Dead Man Walking (1995)
★★★ / ★★★★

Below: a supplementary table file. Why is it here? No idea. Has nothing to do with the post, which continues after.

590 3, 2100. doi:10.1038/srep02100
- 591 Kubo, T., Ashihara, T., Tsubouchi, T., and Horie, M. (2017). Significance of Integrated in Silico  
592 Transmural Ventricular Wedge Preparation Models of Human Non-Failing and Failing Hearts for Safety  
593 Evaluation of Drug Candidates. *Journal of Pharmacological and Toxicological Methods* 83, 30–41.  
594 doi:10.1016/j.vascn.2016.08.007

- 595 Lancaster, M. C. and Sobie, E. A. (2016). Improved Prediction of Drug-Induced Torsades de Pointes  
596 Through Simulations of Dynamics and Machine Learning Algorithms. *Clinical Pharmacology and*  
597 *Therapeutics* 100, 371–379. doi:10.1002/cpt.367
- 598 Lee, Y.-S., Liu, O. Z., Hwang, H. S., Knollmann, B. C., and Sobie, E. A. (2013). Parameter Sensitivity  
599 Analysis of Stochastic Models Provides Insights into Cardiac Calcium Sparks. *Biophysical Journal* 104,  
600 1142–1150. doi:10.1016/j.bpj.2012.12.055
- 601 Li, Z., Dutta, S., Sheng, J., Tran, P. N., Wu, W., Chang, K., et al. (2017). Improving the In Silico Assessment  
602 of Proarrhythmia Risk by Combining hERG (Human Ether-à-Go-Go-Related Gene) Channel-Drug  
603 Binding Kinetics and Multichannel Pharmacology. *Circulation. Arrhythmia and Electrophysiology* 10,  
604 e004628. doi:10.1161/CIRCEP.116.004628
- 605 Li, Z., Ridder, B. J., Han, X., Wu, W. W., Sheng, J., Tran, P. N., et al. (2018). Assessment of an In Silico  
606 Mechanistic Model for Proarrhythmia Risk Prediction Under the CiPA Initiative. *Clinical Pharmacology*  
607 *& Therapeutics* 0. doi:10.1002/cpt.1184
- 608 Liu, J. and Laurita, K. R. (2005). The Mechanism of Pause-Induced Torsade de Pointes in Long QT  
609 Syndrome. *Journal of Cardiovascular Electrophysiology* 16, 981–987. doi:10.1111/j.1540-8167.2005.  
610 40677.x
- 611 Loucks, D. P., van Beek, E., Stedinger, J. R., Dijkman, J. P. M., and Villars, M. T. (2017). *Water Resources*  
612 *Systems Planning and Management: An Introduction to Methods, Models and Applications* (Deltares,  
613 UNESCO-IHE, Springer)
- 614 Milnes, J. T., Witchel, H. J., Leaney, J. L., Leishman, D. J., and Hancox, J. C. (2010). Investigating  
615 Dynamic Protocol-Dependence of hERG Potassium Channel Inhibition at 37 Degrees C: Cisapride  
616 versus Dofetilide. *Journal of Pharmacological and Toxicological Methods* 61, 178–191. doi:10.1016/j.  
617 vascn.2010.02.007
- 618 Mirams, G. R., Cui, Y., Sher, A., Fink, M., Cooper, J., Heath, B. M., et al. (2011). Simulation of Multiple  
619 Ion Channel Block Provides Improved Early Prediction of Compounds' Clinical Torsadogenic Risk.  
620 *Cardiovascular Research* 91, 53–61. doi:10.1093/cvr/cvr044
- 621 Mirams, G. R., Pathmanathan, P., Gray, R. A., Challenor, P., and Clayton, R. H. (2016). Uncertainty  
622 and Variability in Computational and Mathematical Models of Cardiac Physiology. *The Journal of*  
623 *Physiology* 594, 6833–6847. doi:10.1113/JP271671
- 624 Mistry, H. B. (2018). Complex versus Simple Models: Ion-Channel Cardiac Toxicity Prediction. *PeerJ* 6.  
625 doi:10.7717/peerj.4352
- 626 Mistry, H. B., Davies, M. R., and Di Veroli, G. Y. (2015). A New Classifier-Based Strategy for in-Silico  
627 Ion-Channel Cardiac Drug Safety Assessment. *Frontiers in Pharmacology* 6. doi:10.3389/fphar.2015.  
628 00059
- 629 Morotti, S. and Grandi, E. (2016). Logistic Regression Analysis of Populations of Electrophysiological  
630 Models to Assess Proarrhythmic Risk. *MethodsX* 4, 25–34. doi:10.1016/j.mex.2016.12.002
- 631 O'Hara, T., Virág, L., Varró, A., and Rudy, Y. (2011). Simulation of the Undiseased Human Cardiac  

Written and directed by Tim Robbins, “Dead Man Walking” tells the story of a man on death row (Sean Penn) and a nun (Susan Sarandon) who takes his request to be his spiritual advisor despite people’s attempt to dissuade her from doing so. I thought this film was particularly effective because it was able to provide multiple insights regarding the issue of capital punishment, while at the same time I was curious whether or not Penn’s character really did pull the trigger that resulted the death of the two teenagers. Not only that, we really got to know the grief of the teenagers’ parents (Raymond J. Barry, R. Lee Ermey, Celia Weston); that their rage and hatred do not come out of nowhere and that some of them might even be willing to move on. I was really touched by this film in its entirety because I felt like I was watching real people instead of actors merely playing their parts. The interactions between Penn and Sarandon–especially the close-up scenes–got me so involved to the point where I found myself beginning to truly understand the convict’s fear of death even though he is a racist, disagreeable, unfriendly man. Whenever they argued, I felt genuine tension between the two but I still could feel that Penn needed her and Sarandon cared for him. The issue of redemption was also explored. I’m not a big fan of religion but even I have to admit that it was effectively used in this film. Robbins managed to avoid telling a story that was self-righteous and manipulative, which I think was a difficult task because the picture ultimately geared us to sympathize for the convict. As a person who do not support capital punishment, I thought “Dead Man Walking” was able to both entertain and educate (and even enlighten, which is on a different level altogether). This is a strong film with so many layers to it so, naturally, I’m recommending it to anyone–even to those who do not have an opinion about the death penalty.